Findings from one of the most comprehensive surveys of UK-wide public perceptions of dementia and research have been revealed today (6 February) by Alzheimer’s Research UK, the UK’s leading dementia research charity. The findings highlight enduring misconceptions around the physical nature of the diseases that cause dementia as well as low understanding of the risk factors for dementia, which is now the leading cause of death in the UK.
The Dementia Attitudes Monitor, which will be repeated biennially, includes data from 2,361 interviews conducted by Ipsos MORI between 15 June and 5 July 2018.
The Monitor reveals that just 1% of UK adults are able to name seven known risk or protective factors for the dementia (risk factors: heavy drinking, genetics, smoking, high blood pressure, depression and diabetes, protective factor: physical exercise) and 48% fail to identify any. With a third of cases of dementia thought to be influenced by factors in our control to change, the findings highlight a clear need for education around dementia prevention.
The Monitor also reveals overwhelming public appetite for research developments that could provide greater information about dementia risk or give an earlier diagnosis of the diseases behind dementia, most commonly Alzheimer’s.
Key findings include:
- More than half of UK adults (52%) now say they know someone with dementia.
- Only half (51%) recognise that dementia is a cause of death* and more than 1 in 5 (22%) incorrectly believes it’s an inevitable part of getting older.
- Only 34% of people believe it’s possible to reduce the risk of dementia, compared with 77% for heart disease and 81% for diabetes.
- Three-quarters (73%) of adults would want to be given information in midlife about their personal risk of developing dementia later in life, if doctors could do so.
*Base: Adults 15+ in UK without a dementia diagnosis (2,354)
In addition, the Alzheimer’s Research UK Dementia Attitudes Monitor reveals that the majority of the public agree there is value people with dementia being given a formal diagnosis (82%). In addition, an overwhelming number of people (85%) would be willing to take a test through their doctor to tell them whether they were in the very early stages of Alzheimer’s or another dementia, even before symptoms showed, if research was able to deliver such a breakthrough in the coming years.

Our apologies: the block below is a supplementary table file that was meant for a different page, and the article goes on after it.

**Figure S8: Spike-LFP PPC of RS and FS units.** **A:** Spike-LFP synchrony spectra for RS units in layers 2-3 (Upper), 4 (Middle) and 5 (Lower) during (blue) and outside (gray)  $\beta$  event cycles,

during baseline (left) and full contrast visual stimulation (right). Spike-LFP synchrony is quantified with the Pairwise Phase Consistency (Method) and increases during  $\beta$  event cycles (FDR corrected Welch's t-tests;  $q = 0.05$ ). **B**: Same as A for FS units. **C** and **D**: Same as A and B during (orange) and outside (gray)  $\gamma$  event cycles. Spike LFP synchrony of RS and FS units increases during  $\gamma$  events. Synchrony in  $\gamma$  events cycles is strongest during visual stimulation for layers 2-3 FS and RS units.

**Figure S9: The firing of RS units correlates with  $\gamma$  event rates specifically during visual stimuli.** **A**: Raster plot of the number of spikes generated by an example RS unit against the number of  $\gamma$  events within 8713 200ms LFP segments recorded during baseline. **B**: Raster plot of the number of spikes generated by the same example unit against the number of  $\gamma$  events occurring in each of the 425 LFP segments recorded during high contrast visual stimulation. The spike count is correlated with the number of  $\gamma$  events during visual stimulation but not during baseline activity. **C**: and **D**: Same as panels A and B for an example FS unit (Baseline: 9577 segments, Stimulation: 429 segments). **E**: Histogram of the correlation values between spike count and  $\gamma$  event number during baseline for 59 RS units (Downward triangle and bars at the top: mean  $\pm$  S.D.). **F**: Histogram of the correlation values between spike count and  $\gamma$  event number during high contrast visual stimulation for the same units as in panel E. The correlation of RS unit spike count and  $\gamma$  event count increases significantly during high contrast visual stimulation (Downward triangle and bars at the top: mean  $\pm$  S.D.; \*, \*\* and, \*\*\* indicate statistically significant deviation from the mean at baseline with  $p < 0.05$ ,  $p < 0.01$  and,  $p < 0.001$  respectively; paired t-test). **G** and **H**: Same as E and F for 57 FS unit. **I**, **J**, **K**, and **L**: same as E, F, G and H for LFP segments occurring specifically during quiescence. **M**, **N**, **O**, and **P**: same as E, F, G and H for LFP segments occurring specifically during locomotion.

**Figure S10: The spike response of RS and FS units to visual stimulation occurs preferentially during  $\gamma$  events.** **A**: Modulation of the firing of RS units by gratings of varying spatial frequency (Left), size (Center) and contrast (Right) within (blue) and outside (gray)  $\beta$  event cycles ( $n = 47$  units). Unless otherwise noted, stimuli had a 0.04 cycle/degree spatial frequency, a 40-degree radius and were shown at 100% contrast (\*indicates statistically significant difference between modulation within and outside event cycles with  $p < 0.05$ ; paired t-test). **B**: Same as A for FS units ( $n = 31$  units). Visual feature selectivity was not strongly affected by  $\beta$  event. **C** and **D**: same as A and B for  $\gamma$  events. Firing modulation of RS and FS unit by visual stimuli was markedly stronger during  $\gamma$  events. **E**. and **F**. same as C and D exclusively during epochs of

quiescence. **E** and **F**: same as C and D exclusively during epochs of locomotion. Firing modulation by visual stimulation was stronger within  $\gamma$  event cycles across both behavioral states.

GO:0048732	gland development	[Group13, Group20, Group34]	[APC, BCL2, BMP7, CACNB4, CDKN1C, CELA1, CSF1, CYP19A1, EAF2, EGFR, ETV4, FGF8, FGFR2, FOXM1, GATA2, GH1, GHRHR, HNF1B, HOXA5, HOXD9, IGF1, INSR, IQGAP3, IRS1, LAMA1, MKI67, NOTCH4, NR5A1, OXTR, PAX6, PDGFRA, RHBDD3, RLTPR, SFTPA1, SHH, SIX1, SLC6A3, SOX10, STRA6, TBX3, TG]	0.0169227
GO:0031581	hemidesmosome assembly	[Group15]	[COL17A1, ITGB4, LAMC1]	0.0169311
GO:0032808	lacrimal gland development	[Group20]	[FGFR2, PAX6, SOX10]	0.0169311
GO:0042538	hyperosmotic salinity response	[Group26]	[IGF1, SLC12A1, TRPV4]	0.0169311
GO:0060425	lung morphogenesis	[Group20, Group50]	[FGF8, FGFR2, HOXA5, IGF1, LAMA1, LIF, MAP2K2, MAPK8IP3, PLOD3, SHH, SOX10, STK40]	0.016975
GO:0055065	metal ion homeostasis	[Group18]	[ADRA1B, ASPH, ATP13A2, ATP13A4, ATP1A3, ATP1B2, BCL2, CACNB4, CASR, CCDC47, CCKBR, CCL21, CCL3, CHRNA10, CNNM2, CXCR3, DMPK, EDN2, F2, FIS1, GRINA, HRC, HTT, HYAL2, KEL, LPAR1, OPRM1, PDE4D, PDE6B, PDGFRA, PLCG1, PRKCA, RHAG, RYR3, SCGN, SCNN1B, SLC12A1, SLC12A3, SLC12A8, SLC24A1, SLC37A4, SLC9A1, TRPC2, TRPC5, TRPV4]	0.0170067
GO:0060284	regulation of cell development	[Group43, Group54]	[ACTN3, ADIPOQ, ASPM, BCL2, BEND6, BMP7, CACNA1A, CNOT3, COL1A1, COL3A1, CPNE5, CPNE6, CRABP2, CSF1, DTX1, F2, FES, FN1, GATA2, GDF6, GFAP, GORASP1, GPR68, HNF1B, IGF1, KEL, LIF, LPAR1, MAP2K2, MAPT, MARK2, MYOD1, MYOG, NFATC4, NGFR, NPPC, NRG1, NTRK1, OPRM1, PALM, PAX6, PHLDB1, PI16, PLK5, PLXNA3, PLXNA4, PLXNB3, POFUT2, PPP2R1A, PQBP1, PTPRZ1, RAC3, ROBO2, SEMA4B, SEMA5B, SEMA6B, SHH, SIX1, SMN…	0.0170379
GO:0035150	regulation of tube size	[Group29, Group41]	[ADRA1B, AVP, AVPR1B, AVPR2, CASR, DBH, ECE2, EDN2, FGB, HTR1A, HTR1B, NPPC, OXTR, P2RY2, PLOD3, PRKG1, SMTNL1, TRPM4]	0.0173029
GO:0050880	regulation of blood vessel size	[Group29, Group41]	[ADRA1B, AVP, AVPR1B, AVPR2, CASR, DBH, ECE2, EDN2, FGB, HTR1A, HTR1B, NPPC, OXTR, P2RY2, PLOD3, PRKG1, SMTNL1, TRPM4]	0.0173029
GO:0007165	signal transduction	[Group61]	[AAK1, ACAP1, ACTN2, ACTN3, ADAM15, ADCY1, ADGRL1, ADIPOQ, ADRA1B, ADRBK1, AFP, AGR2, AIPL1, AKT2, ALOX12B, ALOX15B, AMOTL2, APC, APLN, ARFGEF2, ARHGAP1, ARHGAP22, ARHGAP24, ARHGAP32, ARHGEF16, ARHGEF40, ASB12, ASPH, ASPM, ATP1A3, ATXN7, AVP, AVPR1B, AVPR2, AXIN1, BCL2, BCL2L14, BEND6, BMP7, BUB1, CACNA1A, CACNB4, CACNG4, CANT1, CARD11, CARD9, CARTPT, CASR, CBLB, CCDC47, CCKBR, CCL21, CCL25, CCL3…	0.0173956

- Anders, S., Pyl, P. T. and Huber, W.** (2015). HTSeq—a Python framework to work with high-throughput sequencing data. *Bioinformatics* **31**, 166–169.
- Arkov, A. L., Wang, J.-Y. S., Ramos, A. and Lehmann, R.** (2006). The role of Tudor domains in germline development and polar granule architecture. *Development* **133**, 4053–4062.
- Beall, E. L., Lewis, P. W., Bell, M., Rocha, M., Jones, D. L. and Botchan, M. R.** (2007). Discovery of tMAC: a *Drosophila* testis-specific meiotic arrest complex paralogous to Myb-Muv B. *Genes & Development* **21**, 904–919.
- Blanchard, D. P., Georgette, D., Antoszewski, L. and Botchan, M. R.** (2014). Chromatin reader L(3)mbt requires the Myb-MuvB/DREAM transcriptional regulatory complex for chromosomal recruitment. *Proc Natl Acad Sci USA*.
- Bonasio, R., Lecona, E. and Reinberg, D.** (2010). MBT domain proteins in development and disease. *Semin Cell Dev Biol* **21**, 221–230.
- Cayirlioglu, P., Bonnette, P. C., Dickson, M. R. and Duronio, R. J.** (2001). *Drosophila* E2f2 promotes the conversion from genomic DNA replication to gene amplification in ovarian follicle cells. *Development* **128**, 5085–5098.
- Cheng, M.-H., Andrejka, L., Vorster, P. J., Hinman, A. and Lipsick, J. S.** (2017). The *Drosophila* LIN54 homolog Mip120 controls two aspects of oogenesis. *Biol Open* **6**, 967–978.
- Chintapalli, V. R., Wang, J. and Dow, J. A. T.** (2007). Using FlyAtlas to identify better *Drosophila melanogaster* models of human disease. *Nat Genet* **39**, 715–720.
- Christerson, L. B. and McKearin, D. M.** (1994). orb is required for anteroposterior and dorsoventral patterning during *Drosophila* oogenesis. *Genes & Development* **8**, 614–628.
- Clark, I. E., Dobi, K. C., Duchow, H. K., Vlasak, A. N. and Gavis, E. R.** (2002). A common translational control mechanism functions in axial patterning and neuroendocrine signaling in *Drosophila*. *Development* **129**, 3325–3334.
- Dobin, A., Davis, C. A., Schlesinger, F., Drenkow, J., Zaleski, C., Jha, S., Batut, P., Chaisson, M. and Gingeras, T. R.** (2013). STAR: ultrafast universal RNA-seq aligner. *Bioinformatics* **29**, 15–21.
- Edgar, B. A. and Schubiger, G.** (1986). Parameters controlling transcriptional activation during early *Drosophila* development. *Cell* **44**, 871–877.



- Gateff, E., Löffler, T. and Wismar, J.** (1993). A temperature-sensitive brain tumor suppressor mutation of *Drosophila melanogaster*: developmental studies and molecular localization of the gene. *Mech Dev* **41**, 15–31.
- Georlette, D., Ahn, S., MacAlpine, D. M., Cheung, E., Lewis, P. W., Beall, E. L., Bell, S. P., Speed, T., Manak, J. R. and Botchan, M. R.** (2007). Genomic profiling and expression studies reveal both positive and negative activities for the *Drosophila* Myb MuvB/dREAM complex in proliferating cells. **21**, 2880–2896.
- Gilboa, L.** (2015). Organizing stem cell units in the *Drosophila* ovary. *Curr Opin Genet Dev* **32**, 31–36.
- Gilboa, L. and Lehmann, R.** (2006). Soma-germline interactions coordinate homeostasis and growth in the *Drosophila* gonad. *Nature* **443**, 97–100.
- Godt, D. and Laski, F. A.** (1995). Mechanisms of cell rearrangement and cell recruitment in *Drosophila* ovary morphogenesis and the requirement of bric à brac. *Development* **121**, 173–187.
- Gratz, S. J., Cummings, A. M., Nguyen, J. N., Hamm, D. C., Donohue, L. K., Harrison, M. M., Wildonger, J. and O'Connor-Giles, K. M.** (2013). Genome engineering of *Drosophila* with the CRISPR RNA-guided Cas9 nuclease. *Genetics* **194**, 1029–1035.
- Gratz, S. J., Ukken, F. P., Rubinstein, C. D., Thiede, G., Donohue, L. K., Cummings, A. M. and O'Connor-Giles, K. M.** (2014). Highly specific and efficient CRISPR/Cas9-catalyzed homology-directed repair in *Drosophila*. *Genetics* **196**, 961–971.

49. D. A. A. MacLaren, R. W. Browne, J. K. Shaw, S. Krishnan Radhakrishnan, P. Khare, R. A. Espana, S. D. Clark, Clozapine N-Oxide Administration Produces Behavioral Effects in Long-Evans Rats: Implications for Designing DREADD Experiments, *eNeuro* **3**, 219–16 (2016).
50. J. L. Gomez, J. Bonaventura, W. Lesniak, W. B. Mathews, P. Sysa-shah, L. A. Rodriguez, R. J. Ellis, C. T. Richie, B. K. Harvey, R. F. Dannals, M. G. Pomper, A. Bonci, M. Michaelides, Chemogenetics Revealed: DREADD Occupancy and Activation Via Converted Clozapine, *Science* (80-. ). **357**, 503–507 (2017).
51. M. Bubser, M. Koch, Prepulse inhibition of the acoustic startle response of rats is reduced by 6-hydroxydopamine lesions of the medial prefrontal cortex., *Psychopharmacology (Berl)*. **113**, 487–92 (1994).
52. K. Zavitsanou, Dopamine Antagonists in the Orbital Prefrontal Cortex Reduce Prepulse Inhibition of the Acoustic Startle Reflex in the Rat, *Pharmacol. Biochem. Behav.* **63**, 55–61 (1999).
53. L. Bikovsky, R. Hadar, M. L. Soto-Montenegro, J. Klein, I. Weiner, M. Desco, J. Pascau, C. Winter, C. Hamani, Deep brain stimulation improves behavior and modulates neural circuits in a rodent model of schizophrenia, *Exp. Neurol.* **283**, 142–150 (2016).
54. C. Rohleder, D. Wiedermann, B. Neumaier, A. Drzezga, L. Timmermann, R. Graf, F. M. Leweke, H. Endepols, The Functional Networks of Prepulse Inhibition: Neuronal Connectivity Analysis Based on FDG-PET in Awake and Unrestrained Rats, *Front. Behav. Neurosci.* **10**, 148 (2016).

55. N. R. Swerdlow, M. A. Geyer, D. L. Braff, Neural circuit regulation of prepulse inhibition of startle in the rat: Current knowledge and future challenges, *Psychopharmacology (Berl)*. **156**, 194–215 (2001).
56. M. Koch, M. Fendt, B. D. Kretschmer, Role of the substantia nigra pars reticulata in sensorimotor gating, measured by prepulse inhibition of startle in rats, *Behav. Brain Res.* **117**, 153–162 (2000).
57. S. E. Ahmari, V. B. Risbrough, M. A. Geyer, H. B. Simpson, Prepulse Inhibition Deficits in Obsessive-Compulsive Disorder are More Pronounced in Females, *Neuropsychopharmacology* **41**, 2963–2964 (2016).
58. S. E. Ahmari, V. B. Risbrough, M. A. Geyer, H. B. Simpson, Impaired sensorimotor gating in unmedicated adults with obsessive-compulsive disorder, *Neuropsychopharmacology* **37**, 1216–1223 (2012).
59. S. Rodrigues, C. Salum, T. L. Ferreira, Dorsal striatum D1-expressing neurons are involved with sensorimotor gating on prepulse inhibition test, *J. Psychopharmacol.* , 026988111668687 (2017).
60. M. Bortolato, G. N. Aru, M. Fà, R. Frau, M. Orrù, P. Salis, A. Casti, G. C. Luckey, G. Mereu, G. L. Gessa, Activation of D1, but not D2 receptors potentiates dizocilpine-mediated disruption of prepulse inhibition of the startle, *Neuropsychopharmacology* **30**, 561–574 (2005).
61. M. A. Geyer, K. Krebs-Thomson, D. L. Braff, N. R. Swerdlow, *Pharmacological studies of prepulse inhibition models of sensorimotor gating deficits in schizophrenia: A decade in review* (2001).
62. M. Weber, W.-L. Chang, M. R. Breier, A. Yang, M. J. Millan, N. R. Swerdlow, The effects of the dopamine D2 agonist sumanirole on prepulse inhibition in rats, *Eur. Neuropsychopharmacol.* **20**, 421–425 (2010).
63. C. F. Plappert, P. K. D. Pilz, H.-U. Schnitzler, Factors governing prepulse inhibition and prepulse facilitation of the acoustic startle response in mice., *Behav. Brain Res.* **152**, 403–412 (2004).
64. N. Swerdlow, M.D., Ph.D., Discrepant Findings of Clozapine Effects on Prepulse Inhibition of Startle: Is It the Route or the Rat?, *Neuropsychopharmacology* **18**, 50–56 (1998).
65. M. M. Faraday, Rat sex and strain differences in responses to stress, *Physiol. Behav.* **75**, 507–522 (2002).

Hilary Evans, Chief Executive of Alzheimer’s Research UK, the UK’s leading dementia research charity, said:
“It is a sad truth that more people are affected by dementia than ever before and half of us now know someone with the condition. Yet despite growing dementia awareness, we must work harder to improve understanding of the diseases that cause it. Dementia is the UK’s biggest killer but only half of people recognise it even causes death, and almost half of UK adults are unable to name one of seven known risk factors for dementia including smoking, high blood pressure and heavy drinking.
“Many of these enduring misconceptions influence attitudes to research, with the Dementia Attitudes Monitor showing that those who believe dementia is an inevitable part of ageing are also less likely to value a formal diagnosis or to engage with research developments that could bring about life-changing preventions and treatments.
“Making breakthroughs in public understanding has the potential to empower more people to take steps to maintain their own brain health, to seek a diagnosis and to support research that has the power to transform lives.”
Caroline Dinenage MP, Minister for Care, said:
“Prevention is becoming an increasingly vital tool in tackling dementia – one of the biggest health challenges of our time, and the UK’s biggest killer. This research supports our Challenge on Dementia 2020 by highlighting the need to raise public awareness around the condition and how healthy lifestyle choices can reduce the personal risk of developing it.
“We’ve already made significant progress on this, with advice on how to reduce dementia risk included in all health checks for the over 40s. By spreading the word on prevention, we can help fulfil the Government’s ambition to make England the world-leader in dementia care, research and awareness.”
Sue Strachan, diagnosed with vascular dementia in 2014, said:
“I wasn’t very fit when I was diagnosed with dementia and my GP advised me to take up exercise to try to manage my condition. I do wish I’d started earlier, because good heart health can have such a positive impact on the brain. I can see that society’s view of dementia is improving, but I still experience misunderstanding about the condition – not least that there’s nothing that can be done to help. We must make sure people are informed about dementia, so they’re more likely to engage with advances in research that could make such a positive difference to people’s lives in future.”
Laura Thomas from Ipsos MORI, who carried out the survey, said:
“The Dementia Attitudes Monitor will be the first of its kind to track over time changing perceptions about dementia and research. We hope it will shine a light on unhelpful misconceptions that persist and highlight the opportunities to break through these misconceptions to direct efforts towards a world free from the fear, harm and heartbreak of dementia.”
The Monitor also reveals key groups of people whose understanding of dementia is lower, including those from black, Asian and minority ethnic backgrounds, younger adults under the age of 24, and over 65s – who are less likely to be open to the idea of research developments or volunteer to take part themselves. The report sets out key areas of action that are needed to address gaps in public understanding of dementia or attitudes to research, including how the condition is portrayed in popular culture and how risk reduction campaigns are developed in future.